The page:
Skip to 0 minutes and 12 secondsI'm Carmen Gimeno, Secretary General of GEODE. GEODE is a European association representing the interest of local energy distributors both for electricity and gas across Europe. Our association, we have at the moment around 100 members, they are both single companies and national associations which means that all together we represent around 1200 companies and utilities.
Skip to 0 minutes and 51 secondsWell, I think it's clear we are in a transition in the energy sector, the energy field. I think that the EU goals both for climate and energy are leading us to a transformation of the energy system mainly because of the increase of the renewable energy. It means we are moving from a centralised energy system to a decentralized energy system. These smart grids, we need them to face all the challenges of this energy system transformation. In the digitalization, I would say, this is also linked to the flexibility which is needed to operate and to keep grid stability and reliability in the terms we have now, with the new challenges.
Skip to 1 minute and 59 secondsThere are many differences across Europe when it comes to retail energy, electricity, in this case, we are talking electricity markets. We always say about this principle that "One size doesn't fit all." We have 28 member states and the speed and the developments and also the impact of this new challenges are very different across Europe, that's the first point. Also the reason and the time when the Smart Metering deployment started in different member states. If you take Sweeden, which is considered the first country where Smart Meters where deployed, in that case, the reason was to introduce changes in the billing. The reading was only once a year, and they wanted to introduce some changes.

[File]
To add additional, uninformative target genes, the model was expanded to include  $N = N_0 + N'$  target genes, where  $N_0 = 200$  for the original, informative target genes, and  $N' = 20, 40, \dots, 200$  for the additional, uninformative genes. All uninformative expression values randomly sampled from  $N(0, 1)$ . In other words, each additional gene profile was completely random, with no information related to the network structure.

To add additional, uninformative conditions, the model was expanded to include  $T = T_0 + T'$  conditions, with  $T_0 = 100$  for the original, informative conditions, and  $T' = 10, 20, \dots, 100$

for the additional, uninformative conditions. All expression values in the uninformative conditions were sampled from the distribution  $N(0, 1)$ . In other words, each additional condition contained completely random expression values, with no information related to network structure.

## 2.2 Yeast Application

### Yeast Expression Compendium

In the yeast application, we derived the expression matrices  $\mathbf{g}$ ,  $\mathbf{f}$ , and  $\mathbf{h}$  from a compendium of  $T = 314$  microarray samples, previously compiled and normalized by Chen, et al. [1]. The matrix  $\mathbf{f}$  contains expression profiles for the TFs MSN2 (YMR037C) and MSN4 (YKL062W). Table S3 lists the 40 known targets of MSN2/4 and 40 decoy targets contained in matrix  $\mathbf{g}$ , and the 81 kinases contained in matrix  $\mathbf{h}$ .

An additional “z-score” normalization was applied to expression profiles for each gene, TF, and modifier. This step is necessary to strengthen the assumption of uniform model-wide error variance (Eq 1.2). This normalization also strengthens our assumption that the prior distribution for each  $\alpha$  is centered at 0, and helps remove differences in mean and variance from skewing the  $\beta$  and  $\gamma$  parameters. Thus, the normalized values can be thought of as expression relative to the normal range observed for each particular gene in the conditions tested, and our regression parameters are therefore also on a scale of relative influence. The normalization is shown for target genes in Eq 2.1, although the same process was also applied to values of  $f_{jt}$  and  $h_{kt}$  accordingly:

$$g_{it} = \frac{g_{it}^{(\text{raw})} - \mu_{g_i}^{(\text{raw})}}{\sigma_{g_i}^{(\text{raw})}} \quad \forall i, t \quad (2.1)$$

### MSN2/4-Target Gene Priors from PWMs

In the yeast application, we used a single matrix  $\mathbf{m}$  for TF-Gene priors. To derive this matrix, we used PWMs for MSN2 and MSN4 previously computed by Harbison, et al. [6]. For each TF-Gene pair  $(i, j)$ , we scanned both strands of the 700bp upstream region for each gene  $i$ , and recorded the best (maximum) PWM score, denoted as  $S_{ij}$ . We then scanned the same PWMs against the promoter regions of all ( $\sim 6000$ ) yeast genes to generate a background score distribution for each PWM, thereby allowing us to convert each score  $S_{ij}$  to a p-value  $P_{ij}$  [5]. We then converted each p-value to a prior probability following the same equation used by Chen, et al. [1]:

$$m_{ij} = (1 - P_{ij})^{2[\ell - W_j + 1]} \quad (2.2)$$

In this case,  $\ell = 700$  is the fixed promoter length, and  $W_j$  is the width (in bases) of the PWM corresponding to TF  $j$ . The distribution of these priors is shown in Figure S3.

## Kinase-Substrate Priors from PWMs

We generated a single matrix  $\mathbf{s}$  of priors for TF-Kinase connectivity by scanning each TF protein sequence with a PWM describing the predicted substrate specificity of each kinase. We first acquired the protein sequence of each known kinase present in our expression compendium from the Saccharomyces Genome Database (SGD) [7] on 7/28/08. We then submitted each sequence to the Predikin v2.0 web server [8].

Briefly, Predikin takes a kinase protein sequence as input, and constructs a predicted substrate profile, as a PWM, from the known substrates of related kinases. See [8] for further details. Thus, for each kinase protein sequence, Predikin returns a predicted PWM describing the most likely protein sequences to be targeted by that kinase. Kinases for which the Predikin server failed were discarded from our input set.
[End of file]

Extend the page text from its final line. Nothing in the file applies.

Skip to 2 minutes and 52 secondsSo they installed these Smart Meters but the functionalities were very reduced. They finalized the roll out, complete roll out in the country already in 2009. If you compare that with the third energy package, which was published and adopted in 2009 which was the first time that there was an obligation to further deployment of Smart Meters by 2020; well you see that there are lots of differences. We have countries like The UK that will finalised by 2020, Spain 2018, Norway 2019... There are many countries that are still in the process.
Skip to 3 minutes and 37 secondsSo this creates a lot of variety, also in the functionalities, because there are countries where there's an obligation to fulfil only certain functionalities, minimum functionalities, others with more, let's say concrete functionalities, now we have the proposal from the commission, which will oblige for certain minimum principals, but in fact they are functionalities. So there are very different situations. And also countries which still, like Germany for instance, they've already stated that their roll out will be finished by 2032 and not for all, 100% or 80% of the citizens in that country.
Skip to 4 minutes and 25 secondsAll the leaders are the Scandinavian countries because they already have some experience so they are starting to develop other services beyond the meters, which is not the case in other countries.
Skip to 4 minutes and 40 secondsOn the contrary, on data access, again, we have different models across Europes to try to classify into three models. You have a centralized data hub, in this case, run by the transmission system operator (TSO). This is a model that the first country to develop it was Denmark for instance. And now they other Scandinavian countries are following, it’s the case of Norway, its called Elhub. And Sweden and Finland are still in discussions but is very likely that they will follow this model. Finland almost for sure. Then we have another possibility, either decentralized or centralized data hub, in this case opertated by the distribution system operator (DSO). This is the case for instance in Austria and also in Belgium for example.